to the effect that he can purchase another set, even though
a midget, for that price!)
Another problem of the Service Man concerns these sets themselves.
Due to their compact construction, and complicated circuits
because of the use of so-called "composite" tubes, it is a most
difficult type of receiver to service. An investment in elaborate
test equipment and up-to-date service manuals is required, in
addition to continuous study of new circuits, tubes, theory,
etc. - if the Service Man is to be successful in servicing this
type and the larger new receivers that are being manufactured.
How can the Service Man obtain a fair return for this investment
of time and money, when he must spend hours to repair a midget
receiver that must be, of necessity, estimated low, since a
similar new set can be purchased for a paltry few dollars?
Fig. A - The "racketeer" first removes the
Fig. B. - Then phones back the exorbitant
Try to set the set back in good shape!
When a customer sees an advertisement of an apparently large,
reputable organization offering free radio service, or for 50c
(so-called "inspection" service), there is no reason why he
should not feel that it is a legitimate charge for honest, efficient
service. However. we all know that this is ridiculous and that
the only way such an organization can survive is by using racketeer
Everyone connected with the industry knows that the game
is to take the receiver to the shop regardless of what mayor
may not be wrong and to then notify the customer that the set
needs a new power transformer or some other part and that the
charges are $15.00 or $20.00. The only trouble with the set
might have been, if a D.C. set, a reversed plug, or in some
other set - a bad tube.
(Editor's note: This is only a small sample of some of the
practices of "gyp" Service Men. Some even go so far as to resell
the tubes [which are still good, but nevertheless used] which
they have replaced on previous service calls. Others resort
to the nefarious practice of actually creating additional trouble
in a radio receiver when a customer refuses to have the set
"repaired" when the exorbitant estimate is learned.
Personally, we believe that the majority of individual Service
Men are honest. The service organization that advertises or
claims free service or service for 50c is the outfit that the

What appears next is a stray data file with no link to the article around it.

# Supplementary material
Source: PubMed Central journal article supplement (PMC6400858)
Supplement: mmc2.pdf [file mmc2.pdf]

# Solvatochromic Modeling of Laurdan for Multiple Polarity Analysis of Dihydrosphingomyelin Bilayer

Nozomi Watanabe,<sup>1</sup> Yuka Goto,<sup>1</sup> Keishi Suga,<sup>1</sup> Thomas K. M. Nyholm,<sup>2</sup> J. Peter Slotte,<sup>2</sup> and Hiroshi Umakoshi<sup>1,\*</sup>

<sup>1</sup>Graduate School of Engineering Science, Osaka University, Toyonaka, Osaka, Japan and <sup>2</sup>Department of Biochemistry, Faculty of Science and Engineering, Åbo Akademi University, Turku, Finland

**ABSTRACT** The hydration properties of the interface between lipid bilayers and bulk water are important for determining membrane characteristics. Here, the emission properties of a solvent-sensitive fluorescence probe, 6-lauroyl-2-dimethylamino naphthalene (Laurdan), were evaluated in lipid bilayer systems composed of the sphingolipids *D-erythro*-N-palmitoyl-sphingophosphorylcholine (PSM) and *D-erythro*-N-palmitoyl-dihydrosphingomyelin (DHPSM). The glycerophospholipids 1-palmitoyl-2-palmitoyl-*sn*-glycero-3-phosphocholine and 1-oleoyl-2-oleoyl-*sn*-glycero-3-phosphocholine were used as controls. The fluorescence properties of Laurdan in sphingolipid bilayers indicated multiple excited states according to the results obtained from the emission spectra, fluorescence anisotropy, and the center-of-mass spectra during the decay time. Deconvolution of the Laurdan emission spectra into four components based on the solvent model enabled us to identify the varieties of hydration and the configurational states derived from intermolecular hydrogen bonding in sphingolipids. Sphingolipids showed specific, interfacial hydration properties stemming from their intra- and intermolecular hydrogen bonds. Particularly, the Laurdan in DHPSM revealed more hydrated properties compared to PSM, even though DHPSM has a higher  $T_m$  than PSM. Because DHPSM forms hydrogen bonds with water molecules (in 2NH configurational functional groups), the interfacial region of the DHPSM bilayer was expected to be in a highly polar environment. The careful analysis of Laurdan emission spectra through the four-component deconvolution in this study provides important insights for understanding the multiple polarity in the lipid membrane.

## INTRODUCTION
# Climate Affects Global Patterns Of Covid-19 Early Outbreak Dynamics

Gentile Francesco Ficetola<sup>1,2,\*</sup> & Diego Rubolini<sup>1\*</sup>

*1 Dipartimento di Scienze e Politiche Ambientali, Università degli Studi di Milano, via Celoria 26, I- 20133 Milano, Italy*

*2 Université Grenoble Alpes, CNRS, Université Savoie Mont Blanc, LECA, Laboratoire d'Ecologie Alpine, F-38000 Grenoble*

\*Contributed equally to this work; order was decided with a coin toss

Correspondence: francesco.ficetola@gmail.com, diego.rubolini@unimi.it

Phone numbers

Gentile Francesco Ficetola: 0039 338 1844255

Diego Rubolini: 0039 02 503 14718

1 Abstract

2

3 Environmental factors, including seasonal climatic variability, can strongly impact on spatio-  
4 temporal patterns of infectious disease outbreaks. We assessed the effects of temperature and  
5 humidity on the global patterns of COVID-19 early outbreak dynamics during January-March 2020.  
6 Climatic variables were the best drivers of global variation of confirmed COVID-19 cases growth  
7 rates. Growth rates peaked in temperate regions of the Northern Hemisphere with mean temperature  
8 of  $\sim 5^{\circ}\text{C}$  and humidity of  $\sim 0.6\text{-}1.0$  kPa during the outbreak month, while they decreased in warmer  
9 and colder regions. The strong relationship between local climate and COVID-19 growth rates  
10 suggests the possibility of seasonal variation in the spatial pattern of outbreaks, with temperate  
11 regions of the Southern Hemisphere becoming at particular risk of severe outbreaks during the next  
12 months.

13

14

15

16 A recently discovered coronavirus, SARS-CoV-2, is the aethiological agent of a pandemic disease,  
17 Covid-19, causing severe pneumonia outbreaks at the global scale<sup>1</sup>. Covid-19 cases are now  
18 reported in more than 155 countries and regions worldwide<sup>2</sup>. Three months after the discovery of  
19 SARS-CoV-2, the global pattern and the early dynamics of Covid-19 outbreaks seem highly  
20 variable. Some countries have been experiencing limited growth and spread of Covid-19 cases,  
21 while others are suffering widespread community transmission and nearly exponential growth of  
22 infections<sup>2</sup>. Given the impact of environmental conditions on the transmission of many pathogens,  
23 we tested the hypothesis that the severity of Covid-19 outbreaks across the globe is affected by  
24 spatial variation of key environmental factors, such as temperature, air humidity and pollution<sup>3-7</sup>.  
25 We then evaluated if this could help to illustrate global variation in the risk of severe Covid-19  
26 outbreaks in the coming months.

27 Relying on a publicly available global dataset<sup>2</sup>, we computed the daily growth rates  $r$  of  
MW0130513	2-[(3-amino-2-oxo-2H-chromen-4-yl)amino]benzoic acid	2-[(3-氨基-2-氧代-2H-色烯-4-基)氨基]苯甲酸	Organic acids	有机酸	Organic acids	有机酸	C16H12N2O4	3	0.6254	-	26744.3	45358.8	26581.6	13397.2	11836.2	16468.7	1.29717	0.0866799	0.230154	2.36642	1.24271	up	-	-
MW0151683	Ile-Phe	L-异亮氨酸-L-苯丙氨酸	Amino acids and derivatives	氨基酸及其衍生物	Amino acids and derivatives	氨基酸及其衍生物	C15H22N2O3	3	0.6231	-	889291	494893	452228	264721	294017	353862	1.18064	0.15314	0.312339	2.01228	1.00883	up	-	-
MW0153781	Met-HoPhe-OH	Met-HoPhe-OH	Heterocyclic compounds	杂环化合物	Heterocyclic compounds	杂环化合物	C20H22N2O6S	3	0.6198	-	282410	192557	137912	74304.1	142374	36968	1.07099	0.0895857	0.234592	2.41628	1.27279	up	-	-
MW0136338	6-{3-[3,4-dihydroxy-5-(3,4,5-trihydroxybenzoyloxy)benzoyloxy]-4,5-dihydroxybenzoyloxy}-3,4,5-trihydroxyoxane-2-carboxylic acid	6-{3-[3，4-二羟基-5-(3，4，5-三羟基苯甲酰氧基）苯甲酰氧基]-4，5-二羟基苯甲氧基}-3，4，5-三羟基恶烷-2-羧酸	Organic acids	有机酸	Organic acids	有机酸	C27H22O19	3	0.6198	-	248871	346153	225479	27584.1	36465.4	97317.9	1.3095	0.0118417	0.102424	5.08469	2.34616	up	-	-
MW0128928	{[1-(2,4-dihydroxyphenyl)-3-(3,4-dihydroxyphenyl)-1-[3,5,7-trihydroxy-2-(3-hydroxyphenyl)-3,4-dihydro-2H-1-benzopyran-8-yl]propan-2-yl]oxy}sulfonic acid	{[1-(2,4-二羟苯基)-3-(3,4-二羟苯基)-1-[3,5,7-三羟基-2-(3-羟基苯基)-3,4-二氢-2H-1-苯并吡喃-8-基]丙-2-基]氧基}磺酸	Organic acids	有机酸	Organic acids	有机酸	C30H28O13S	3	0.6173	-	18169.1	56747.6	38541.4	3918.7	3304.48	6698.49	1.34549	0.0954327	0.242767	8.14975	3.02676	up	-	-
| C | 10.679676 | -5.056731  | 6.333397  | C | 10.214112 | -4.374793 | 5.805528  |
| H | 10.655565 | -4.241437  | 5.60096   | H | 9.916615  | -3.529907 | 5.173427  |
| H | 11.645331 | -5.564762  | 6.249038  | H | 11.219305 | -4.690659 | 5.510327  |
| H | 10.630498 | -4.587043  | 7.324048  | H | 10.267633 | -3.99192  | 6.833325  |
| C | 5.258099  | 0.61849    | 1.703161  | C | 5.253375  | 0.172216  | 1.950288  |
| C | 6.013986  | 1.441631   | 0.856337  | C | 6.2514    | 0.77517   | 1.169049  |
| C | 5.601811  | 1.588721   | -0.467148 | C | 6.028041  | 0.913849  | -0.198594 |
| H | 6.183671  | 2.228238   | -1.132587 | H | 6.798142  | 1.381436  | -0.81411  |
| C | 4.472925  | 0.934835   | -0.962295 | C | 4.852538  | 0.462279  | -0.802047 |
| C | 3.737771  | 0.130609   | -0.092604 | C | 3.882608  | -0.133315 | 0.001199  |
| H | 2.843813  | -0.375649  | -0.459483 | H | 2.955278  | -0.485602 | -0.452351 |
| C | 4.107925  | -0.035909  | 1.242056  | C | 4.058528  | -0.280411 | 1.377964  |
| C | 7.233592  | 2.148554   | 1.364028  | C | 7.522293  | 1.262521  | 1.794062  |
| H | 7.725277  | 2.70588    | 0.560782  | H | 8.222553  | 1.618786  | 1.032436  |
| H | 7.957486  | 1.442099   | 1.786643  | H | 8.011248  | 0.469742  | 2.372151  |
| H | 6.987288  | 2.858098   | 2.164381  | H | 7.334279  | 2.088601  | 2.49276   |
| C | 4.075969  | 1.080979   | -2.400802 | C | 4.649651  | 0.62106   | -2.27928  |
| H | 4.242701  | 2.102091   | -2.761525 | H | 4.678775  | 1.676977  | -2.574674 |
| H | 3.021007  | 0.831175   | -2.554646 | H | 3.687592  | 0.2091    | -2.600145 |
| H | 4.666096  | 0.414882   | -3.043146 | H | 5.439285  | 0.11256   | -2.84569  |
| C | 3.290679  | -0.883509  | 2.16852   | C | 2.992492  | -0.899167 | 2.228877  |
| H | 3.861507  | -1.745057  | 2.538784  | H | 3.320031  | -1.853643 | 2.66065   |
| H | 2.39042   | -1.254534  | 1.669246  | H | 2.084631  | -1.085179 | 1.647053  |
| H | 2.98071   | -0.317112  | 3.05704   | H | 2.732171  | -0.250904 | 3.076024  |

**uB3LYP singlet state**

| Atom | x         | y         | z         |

consumer should beware of.)
While we all know that ethics in all lines of business are
subject to great debate when measured against ideals of strict
honesty, the practices in the radio service industry cannot
be justified except by comparing them with methods used by racketeers
operating outside the law. The Better Business Bureaus have
had many complaints from consumers who have been fleeced by
the radio service racketeers and, while they have done much
good in their attempts to protect the public, their power is
limited unless they are willing to actually bring the culprit
to court. This involves the expenditure of money besides requiring
detailed proof that the power transformer or other parts were
not supplied or not needed, and very few persons desire to make
martyrs of themselves and testify to that effect. Besides it
is rather difficult to sometimes prove the truth, especially
in a court of justice where cases are judged on technical details.
As a result the service racketeers are permitted to continue
in their illicit practices.
As an indication of the "racket" methods and inconsistencies
of the "gyp" Service Man, herewith is a reprint from a bulletin
published by the Kansas City Better Business Bureau.
"Complaints regarding the servicing and charge of certain
radio repair men several months ago led to an investigation
by the Better Business Bureau which, thus far, has brought one
radio Service Man before the prosecuting attorney's office,
eliminated 'free estimate' advertising, stopped a number of
'gyp' repair men and practically cleared the radio repair field
of unfair practices.
"Approximately 400 radio service advertisements were stopped.
The majority were those offering free radio inspection as in
Expert Radio Repairing; guaranteed; all makes; Free Estimates
in your home; any time; anywhere; lowest prices. Call ....
"Complaints indicated that the set owner, lured by the free
inspection offer, called in the man offering this type of service.